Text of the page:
Monday, April 30, 2012

Devil's Ivy, Epipremnum pinnatum 'Aureum'

This is a very 1970's Brisbane photo.The orange flowering tree in the background is an African tulip tree, Spathodea campanulata which now has the dubious title of 'Class 3 declared pest plant under Queensland legislation'. What caught my eye however was the climber growing up the palm trees. It goes by the common name of Devil's Ivy being a popular houseplant worldwide. I have a large tub of it in a glasshouse and it is liking it so much it is climbing the walls, relishing the heat and humidity. It is still in the juvenile stage with the leaves measuring about 15cm long. As it grows the leaves get bigger and become irregularly divided and can reach about 80cm long as shown here. Botanically it has undergone quite a few name changes and is often referred to as Scindapsus, Pothos or Rhapidophhora. For the time being it is now officially Epipremnum pinnatum 'Aureum' and a member of the Aroid family. The plain green form originated in the Solomon Islands and this golden coloured form is a sport thought to have originated in nursery cultivation.Various cultivars are available and are often sold as basket plants and these include 'Golden Queen' with mainly yellow leaves, 'Neon' with chartreuse foliage and 'Marble Queen' with white variegated leaves.They are extremely tough plants and before moving my plant into a favourable spot I had neglected to water it or care for it at all for many months. Though most of the leaves had dropped off it responded quickly to a bit of TLC and is now thriving. Most of the rope like climbing stems produce roots at the nodes so cuttings are easy to strike and it is even quite happy to grow in a jar of water on a windowsill.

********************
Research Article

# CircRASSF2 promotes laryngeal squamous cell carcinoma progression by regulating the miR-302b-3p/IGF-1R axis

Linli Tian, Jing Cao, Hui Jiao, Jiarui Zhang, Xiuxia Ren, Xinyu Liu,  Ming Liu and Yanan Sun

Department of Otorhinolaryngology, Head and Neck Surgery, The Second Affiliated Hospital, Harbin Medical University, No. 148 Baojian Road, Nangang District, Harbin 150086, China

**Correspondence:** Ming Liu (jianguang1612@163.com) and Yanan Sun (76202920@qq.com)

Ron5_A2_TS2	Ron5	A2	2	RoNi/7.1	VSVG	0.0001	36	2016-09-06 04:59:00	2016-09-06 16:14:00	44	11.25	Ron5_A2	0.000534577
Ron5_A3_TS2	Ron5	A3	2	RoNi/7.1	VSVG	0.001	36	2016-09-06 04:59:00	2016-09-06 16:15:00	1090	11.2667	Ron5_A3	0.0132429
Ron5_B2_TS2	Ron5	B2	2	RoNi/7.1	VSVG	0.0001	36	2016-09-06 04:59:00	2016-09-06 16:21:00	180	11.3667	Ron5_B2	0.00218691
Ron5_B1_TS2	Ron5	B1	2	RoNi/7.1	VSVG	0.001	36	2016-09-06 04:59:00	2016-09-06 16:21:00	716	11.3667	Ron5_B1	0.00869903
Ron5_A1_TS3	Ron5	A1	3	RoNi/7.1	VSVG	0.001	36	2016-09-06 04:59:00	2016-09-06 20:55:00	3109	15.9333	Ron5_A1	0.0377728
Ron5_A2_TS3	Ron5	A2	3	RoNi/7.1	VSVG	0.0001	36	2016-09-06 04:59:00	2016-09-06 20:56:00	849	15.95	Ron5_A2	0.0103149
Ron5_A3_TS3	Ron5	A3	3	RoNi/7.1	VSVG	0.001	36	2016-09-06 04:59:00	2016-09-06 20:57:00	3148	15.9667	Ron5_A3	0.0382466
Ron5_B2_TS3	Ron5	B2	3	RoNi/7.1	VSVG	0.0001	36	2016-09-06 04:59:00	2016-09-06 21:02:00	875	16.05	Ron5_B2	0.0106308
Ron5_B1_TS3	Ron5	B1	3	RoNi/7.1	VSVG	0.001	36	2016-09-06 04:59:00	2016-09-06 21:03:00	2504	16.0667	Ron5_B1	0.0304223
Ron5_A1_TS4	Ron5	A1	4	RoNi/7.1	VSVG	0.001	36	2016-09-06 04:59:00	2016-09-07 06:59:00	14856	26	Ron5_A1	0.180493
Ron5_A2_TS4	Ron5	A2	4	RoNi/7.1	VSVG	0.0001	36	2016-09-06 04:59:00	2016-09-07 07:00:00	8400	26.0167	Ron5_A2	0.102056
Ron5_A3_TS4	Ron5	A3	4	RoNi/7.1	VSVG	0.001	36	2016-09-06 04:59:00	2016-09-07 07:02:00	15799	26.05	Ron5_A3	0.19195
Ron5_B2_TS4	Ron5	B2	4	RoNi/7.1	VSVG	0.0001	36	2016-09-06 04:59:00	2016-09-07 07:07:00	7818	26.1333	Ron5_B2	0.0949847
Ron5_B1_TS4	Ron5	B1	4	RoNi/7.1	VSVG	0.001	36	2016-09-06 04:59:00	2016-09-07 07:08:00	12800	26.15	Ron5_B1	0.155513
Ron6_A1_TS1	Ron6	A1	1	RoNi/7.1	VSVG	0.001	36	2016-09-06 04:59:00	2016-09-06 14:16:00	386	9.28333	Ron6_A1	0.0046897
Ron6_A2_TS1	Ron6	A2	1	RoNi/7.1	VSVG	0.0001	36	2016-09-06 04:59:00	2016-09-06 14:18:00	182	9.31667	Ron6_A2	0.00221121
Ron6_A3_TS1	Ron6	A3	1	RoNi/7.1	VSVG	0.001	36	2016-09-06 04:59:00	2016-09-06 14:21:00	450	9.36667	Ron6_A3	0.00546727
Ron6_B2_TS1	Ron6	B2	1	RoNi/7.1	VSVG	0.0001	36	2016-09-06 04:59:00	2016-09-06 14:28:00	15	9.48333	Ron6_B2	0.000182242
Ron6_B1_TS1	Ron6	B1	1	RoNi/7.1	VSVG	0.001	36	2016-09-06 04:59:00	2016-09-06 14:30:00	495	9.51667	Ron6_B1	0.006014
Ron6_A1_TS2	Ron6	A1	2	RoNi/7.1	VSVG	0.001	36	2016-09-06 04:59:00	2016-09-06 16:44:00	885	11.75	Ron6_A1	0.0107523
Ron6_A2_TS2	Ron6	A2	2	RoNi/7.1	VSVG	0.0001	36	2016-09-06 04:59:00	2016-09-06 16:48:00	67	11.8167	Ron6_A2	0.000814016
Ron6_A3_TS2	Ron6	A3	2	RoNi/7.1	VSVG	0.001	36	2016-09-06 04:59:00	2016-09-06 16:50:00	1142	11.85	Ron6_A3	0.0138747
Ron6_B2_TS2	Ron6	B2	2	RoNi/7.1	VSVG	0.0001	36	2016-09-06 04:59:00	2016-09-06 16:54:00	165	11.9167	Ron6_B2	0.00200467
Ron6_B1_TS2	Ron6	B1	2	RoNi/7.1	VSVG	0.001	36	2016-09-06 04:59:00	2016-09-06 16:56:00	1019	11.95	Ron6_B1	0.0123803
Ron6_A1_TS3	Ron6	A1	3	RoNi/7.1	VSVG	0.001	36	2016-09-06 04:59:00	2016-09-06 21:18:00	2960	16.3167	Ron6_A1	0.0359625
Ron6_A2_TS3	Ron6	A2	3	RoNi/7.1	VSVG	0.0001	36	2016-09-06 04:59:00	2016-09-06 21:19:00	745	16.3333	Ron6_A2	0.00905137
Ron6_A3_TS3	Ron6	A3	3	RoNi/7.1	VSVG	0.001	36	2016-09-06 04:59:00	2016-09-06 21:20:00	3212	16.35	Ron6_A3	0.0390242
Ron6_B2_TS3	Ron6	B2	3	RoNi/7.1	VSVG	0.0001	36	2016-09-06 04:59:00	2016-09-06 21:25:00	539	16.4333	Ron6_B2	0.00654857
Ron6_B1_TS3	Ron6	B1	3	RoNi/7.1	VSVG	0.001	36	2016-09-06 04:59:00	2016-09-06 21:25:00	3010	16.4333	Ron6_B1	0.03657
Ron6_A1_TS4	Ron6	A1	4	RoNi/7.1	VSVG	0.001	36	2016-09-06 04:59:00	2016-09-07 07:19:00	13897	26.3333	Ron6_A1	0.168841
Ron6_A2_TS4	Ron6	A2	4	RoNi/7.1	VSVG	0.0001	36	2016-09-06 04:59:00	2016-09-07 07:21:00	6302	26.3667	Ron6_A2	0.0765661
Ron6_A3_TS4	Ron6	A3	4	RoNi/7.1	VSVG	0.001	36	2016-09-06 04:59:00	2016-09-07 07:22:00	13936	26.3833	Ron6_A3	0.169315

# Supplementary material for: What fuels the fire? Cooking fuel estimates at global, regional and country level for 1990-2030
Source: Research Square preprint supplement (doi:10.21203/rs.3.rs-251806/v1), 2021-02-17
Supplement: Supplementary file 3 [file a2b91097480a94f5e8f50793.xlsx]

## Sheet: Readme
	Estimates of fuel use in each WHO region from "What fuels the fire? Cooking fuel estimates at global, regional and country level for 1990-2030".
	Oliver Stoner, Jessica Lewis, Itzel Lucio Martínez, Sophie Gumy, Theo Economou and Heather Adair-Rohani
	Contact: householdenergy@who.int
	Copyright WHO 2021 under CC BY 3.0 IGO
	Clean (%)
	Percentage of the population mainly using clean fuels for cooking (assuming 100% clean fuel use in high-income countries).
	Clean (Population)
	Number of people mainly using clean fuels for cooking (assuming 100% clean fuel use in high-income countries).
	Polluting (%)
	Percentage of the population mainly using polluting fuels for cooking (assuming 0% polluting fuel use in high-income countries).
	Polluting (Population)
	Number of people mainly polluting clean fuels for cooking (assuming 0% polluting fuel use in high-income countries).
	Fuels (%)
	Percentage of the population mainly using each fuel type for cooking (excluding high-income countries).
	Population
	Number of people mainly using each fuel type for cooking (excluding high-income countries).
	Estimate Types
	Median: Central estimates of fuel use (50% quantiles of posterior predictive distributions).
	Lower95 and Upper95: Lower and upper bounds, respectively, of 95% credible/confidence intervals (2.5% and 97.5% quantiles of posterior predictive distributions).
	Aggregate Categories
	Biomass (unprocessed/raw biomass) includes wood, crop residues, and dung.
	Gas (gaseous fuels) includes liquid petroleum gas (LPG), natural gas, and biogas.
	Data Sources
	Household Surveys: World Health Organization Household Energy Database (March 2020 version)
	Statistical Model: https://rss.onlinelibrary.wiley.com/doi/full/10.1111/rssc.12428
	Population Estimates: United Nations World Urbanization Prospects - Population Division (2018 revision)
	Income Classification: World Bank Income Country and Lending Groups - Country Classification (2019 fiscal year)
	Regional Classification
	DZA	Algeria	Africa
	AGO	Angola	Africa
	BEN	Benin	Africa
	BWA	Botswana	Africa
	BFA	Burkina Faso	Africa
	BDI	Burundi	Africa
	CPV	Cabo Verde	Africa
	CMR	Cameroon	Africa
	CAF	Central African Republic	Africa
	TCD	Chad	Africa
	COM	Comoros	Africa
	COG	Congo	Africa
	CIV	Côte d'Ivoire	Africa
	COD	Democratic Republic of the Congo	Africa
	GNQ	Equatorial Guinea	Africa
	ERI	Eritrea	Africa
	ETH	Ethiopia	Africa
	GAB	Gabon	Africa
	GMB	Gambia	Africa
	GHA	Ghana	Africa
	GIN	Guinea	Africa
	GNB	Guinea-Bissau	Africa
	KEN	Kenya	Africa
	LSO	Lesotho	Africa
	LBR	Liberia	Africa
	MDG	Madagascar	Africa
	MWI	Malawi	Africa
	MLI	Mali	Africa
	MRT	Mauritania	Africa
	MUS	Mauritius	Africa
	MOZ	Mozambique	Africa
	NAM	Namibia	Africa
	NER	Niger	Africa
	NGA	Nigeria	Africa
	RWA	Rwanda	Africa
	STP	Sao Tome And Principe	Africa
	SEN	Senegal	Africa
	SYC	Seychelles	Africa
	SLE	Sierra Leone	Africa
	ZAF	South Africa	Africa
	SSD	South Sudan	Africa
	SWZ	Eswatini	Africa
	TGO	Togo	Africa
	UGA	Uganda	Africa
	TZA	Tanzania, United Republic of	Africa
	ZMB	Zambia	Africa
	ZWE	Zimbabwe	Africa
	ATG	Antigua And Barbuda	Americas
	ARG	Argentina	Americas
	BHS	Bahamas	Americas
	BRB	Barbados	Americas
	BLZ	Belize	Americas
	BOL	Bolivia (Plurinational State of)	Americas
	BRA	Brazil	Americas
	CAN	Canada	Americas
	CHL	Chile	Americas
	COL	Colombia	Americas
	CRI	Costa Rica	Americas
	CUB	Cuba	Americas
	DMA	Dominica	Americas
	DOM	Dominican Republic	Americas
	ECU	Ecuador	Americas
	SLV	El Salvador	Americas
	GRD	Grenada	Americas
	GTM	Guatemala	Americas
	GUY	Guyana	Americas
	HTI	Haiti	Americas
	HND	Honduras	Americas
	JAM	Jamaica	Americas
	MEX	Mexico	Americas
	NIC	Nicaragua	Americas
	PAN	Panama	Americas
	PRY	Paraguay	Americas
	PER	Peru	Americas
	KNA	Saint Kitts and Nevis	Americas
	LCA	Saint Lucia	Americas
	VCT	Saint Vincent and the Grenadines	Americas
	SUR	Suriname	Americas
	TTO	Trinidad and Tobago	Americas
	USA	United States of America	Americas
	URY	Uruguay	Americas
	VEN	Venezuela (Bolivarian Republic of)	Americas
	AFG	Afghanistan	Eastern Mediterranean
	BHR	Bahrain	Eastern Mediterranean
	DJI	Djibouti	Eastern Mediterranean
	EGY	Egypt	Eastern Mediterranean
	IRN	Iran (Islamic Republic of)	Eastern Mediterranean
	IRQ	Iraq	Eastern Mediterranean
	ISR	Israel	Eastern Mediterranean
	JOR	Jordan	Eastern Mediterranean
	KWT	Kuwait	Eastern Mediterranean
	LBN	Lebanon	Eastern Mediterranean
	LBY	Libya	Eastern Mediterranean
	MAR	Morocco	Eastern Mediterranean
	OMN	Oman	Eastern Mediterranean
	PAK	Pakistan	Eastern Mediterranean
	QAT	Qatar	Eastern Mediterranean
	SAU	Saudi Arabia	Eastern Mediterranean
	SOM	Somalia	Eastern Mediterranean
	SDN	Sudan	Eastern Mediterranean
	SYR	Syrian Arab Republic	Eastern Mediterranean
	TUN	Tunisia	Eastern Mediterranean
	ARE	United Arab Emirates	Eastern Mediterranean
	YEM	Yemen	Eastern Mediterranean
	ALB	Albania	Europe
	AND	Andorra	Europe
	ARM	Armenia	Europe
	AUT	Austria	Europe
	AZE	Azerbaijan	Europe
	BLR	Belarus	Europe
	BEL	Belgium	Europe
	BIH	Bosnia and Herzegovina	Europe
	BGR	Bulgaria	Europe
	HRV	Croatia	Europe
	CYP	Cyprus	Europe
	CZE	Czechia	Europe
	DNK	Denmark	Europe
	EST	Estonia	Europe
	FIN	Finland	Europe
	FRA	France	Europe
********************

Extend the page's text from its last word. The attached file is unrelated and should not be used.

1. Hey awesome post i am so impressed with your post could you tell me how you make this so nice i am so inspired here.
    Thanks for sharing...

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  2. I used to like the African Tulip tree until I found out that it kills off our native bees! (The nectar makes parrots tipsy too) It's a pesky murderous pest. I saw a yellow one recently which, no doubt, still kills off the bees. A shame for such a striking look tree.

  3. I remember when we used to take cuttings of (what was then) Scindapsus aurea at Burnley. Our cuttings were then nurtured in the greenhouse and we were all delighted to see how successful they had been. Now my efforts are directed towards preventing this same plant from taking over some of our gullies - I don't think I will ever manage to eradicate it. In a tropical climate it climbs tall trees often developing stems up to 250mm thick. Scape and poisin is my method! We have much more attractive native vines I would rather grow in its place.